Dr. Adder, by K. W. Jeter

Had I read this book when it was written it might have been all I talked about during my last year in high school. K. W. Jeter wrote this book in 1972, then spent twelve years trying to find a publisher. In Russia the Strugatsky brothers were censored by committees. Jeter was “self-censored” by publishing houses afraid to take on something this unusual, where the core of the book deals with sexual perversions and violence. This despite encouragements from Philip K. Dick. When the book was finally picked up in 1984 it was by a company that had never before published fiction.

I’m sad to say that all this was under my radar until Joachim Boaz at Science Fiction and Other Suspect Ruminations asked if I’d read it. Some of Jeter’s books are hard to get hands on these days. The author is still alive and well in Ecuador and has been adding his books in Kindle format to Amazon, saying that the glory of electronic publication is that authors can circumvent the publishing companies and appeal directly to readers.

So I was happy when I found this book in a Kindle version and downloaded it. I was already in the middle of another book. I took a peek inside to the first page and was immediately sucked into the whole book … much the way shotgun weddings and heroin habits happen.

I love a book that pushes into strange areas and defies convention, and this book certainly does that. It’s mentioned as an early cyberpunk book, and there are some of those elements. The action takes place on a boulevard called Interface, a blind and deaf girl is able to psychically enter her television to trace the technology cabled to it, and people’s personalities can be downloaded into computers. Had it been published sooner it might have stood out as the amazing and pioneering book it is. 1984 was a different time.

The book reads like Candide in the underworld. E. Allen Limmit is the orphaned son of an infamous CIA agent named Gass. In Phoenix Limmit now runs the egg farm he inherited, featuring giant semi-sentient chickens that lay huge eggs which are boiled and cut up into different foods. The farm also features a chicken brothel in which people pay to  have sex with giant chickens. One day an old friend of his father arrives with an offer for Limmit. If he will take a briefcase to a Dr. Adder in Los Angeles he can sell it and keep the proceeds.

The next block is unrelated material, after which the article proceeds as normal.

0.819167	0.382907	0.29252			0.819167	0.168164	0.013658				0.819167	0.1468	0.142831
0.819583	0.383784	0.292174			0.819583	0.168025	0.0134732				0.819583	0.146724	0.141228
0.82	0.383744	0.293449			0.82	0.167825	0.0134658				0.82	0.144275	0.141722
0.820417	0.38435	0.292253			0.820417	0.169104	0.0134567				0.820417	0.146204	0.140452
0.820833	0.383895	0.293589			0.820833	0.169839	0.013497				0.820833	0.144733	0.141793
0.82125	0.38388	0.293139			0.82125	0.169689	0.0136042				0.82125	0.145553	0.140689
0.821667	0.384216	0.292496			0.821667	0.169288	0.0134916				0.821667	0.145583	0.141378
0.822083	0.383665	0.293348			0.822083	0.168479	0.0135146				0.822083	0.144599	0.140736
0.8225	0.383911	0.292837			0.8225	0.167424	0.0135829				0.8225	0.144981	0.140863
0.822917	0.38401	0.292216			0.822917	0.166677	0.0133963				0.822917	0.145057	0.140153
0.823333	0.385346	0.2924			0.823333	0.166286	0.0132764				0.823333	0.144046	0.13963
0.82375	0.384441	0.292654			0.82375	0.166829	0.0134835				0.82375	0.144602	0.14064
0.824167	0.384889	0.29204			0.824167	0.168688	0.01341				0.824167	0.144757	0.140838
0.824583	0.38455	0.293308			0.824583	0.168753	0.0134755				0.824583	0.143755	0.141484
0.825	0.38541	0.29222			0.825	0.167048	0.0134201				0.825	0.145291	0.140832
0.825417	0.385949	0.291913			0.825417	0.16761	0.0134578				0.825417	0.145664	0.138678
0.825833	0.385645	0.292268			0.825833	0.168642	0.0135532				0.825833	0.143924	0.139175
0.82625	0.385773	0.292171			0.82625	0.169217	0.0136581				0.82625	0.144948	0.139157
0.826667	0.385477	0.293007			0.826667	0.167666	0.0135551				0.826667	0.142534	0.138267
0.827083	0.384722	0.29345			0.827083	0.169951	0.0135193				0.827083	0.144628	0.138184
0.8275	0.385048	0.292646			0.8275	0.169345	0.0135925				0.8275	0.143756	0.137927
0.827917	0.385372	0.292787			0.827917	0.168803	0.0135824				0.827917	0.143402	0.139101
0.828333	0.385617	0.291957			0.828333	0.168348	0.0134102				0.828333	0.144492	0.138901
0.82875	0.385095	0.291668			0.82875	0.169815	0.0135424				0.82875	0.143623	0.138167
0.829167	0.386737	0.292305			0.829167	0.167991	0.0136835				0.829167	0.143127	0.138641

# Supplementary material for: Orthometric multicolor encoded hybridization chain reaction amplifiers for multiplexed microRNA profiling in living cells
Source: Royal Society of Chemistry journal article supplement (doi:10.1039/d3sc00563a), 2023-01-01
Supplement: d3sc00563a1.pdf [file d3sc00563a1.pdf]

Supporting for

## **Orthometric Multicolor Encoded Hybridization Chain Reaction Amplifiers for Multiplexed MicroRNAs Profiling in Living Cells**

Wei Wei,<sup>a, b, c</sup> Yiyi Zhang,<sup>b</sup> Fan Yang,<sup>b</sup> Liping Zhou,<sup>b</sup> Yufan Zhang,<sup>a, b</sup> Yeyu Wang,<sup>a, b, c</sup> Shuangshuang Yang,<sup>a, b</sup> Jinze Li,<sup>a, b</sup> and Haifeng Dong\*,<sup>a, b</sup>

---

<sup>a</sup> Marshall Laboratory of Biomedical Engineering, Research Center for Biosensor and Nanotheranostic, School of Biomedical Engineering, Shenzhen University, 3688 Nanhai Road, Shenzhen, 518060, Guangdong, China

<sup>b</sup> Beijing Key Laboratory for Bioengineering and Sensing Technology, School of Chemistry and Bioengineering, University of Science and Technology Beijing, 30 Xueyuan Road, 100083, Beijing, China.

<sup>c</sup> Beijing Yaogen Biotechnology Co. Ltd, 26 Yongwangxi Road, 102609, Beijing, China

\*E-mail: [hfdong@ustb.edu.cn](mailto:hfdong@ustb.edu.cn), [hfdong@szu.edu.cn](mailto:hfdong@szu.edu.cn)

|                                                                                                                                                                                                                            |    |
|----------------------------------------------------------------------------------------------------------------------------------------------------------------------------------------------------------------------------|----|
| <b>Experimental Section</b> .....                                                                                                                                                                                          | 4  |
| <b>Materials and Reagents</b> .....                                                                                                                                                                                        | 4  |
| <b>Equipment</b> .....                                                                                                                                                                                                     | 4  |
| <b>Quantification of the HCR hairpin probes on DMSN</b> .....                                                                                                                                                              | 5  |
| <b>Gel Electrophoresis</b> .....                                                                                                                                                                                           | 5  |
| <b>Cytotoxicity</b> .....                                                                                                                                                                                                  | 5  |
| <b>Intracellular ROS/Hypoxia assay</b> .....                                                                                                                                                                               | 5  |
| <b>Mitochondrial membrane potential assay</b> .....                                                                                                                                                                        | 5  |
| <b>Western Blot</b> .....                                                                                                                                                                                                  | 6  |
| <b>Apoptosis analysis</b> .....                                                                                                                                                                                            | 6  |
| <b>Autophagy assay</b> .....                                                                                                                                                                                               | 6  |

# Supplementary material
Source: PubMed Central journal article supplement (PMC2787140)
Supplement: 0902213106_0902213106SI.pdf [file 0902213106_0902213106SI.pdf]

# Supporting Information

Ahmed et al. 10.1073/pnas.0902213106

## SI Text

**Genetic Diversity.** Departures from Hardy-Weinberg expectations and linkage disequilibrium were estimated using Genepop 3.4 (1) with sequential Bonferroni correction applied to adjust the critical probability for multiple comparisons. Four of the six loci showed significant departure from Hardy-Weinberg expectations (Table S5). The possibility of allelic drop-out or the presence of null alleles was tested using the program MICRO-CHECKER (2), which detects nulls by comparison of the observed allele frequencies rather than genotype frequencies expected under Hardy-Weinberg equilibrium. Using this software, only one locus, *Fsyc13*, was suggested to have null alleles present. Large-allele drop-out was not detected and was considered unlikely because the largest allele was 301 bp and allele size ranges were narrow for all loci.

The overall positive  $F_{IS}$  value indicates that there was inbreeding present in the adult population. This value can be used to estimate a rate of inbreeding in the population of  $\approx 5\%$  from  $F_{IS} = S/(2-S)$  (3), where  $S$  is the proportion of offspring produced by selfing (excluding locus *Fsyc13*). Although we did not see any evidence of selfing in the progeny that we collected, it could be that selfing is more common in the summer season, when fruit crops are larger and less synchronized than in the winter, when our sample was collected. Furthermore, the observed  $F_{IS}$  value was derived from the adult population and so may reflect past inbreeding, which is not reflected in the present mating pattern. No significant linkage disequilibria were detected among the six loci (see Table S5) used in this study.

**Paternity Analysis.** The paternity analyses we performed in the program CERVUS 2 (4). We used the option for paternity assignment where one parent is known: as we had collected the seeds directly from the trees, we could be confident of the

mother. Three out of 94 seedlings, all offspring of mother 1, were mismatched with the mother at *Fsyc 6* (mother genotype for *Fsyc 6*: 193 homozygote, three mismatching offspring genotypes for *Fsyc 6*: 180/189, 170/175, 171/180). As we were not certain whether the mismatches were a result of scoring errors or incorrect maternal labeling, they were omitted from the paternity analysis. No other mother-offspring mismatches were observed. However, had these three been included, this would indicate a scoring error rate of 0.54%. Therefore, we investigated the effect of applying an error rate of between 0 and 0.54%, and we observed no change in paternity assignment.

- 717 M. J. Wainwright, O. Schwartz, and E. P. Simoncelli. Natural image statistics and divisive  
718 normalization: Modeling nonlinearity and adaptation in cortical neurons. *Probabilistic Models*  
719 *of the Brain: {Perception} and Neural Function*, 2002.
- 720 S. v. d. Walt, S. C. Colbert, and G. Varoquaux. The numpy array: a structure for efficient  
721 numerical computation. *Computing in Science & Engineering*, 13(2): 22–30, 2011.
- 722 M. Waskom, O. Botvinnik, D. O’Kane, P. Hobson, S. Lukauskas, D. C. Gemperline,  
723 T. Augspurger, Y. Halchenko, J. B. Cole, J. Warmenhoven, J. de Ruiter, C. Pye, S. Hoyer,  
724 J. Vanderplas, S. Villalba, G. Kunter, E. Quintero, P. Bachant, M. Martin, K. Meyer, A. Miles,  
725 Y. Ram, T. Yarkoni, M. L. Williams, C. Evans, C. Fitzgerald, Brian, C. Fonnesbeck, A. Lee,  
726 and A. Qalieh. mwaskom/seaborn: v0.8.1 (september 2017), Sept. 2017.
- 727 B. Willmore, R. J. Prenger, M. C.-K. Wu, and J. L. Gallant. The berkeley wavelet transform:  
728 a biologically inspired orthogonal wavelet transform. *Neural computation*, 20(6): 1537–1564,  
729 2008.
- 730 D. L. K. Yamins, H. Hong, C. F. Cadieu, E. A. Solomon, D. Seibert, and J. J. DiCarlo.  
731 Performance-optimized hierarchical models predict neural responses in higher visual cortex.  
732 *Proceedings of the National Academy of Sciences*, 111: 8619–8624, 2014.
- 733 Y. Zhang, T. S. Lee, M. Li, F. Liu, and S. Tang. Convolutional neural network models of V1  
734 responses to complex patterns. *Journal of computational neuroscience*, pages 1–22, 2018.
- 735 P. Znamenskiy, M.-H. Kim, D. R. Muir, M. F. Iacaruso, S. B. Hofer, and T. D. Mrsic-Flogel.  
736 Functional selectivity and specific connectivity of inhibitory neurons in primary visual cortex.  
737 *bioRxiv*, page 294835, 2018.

He flies to southern California, where Los Angeles is completely separated from Orange County. Los Angeles has become a battered and rundown city where on Interface Boulevard the street is lined with hookers. Most of these hookers have been physically modified by Dr. Adder, who uses an old CIA drug to determine what kind of perversions the hookers can accept. The most common fetish is for men interested in amputees, so many of the women are legless, armless, or both.

The street is also frequented by MFers (short for Moral Forces) under the leadership of a television evangelist named Mox. As they always wear gray they are often the target of snipers as they evangelize along the boulevard.

Through the book things come to a battle between fans of Adder and followers of Mox. Meanwhile we get to meet a group of revolutionaries trying to save the LA population; a dying alien who babbles depressing thoughts in isolation; a gypsy who lives in the sewers under LA; a group of Orange County men calling themselves the Prodigal Fathers who have lost sons to the sins of LA and now kidnap young men to return them to the Orange County lifestyle. Limmit becomes one of the kidnapped and begins to see that if he did stay there he’d be dead inside without anyone seeing it until the skin fell off his bones. Meanwhile there are frequent references to an Orange County high school called Buena Maricone (which translates as Good Fagot) and an underground radio station called radio KCID, which is a jumble of DICK in honor of P. K. Dick. (It’s also an actual radio station in Caldwell, Idaho, where I was working after school at the time the book was written.) Like Dick, Jeter is an opera fan and Alban Berg’s opera Wozzek figures into the plot as well.

It is a book with violence and strange sex fetishes, but is mostly presented through the wide-eyed perceptions of someone for whom it’s all as bizarre as it is for the reader. You can pull out deeper ideas about moral choices, conventional choices, and existential crises. As Limmit muses at one point “Life’s nothing but the beating you take before you die.”

I’m forever grateful to Boaz for introducing me to what now stands as the favorite book I’ve read in the past 12 months and in my top 10 for science fiction out of all my reading.